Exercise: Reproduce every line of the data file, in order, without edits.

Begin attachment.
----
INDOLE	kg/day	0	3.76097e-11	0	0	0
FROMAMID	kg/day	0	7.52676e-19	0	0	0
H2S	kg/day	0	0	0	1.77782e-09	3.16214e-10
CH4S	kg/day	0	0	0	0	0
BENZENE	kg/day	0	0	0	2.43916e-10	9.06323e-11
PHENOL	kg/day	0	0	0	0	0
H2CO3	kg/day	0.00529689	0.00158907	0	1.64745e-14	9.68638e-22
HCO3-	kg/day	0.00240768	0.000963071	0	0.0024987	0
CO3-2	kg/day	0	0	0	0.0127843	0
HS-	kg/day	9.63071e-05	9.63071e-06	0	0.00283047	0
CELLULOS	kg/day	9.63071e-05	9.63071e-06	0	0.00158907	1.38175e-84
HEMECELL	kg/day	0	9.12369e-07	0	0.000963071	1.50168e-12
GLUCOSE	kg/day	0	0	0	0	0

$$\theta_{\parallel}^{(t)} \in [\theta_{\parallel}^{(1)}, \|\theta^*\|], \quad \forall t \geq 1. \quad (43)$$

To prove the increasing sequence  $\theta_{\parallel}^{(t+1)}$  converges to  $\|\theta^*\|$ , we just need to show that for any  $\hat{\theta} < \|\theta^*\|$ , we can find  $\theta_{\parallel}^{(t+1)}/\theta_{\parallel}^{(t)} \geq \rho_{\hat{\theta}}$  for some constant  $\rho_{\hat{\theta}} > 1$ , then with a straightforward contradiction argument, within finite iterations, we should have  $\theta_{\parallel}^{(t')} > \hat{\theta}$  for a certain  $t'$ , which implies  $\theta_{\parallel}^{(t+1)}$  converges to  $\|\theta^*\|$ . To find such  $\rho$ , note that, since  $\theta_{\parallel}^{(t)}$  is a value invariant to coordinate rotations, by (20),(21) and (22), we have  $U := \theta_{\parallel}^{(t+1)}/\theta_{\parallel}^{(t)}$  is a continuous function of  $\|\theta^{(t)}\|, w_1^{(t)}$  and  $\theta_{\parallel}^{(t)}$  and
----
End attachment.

INDOLE	kg/day	0	3.76097e-11	0	0	0
FROMAMID	kg/day	0	7.52676e-19	0	0	0
H2S	kg/day	0	0	0	1.77782e-09	3.16214e-10
CH4S	kg/day	0	0	0	0	0
BENZENE	kg/day	0	0	0	2.43916e-10	9.06323e-11
PHENOL	kg/day	0	0	0	0	0
H2CO3	kg/day	0.00529689	0.00158907	0	1.64745e-14	9.68638e-22
HCO3-	kg/day	0.00240768	0.000963071	0	0.0024987	0
CO3-2	kg/day	0	0	0	0.0127843	0
HS-	kg/day	9.63071e-05	9.63071e-06	0	0.00283047	0
CELLULOS	kg/day	9.63071e-05	9.63071e-06	0	0.00158907	1.38175e-84
HEMECELL	kg/day	0	9.12369e-07	0	0.000963071	1.50168e-12
GLUCOSE	kg/day	0	0	0	0	0

$$\theta_{\parallel}^{(t)} \in [\theta_{\parallel}^{(1)}, \|\theta^*\|], \quad \forall t \geq 1. \quad (43)$$

To prove the increasing sequence  $\theta_{\parallel}^{(t+1)}$  converges to  $\|\theta^*\|$ , we just need to show that for any  $\hat{\theta} < \|\theta^*\|$ , we can find  $\theta_{\parallel}^{(t+1)}/\theta_{\parallel}^{(t)} \geq \rho_{\hat{\theta}}$  for some constant  $\rho_{\hat{\theta}} > 1$ , then with a straightforward contradiction argument, within finite iterations, we should have  $\theta_{\parallel}^{(t')} > \hat{\theta}$  for a certain  $t'$ , which implies  $\theta_{\parallel}^{(t+1)}$  converges to  $\|\theta^*\|$ . To find such  $\rho$ , note that, since  $\theta_{\parallel}^{(t)}$  is a value invariant to coordinate rotations, by (20),(21) and (22), we have  $U := \theta_{\parallel}^{(t+1)}/\theta_{\parallel}^{(t)}$  is a continuous function of  $\|\theta^{(t)}\|, w_1^{(t)}$  and  $\theta_{\parallel}^{(t)}$  and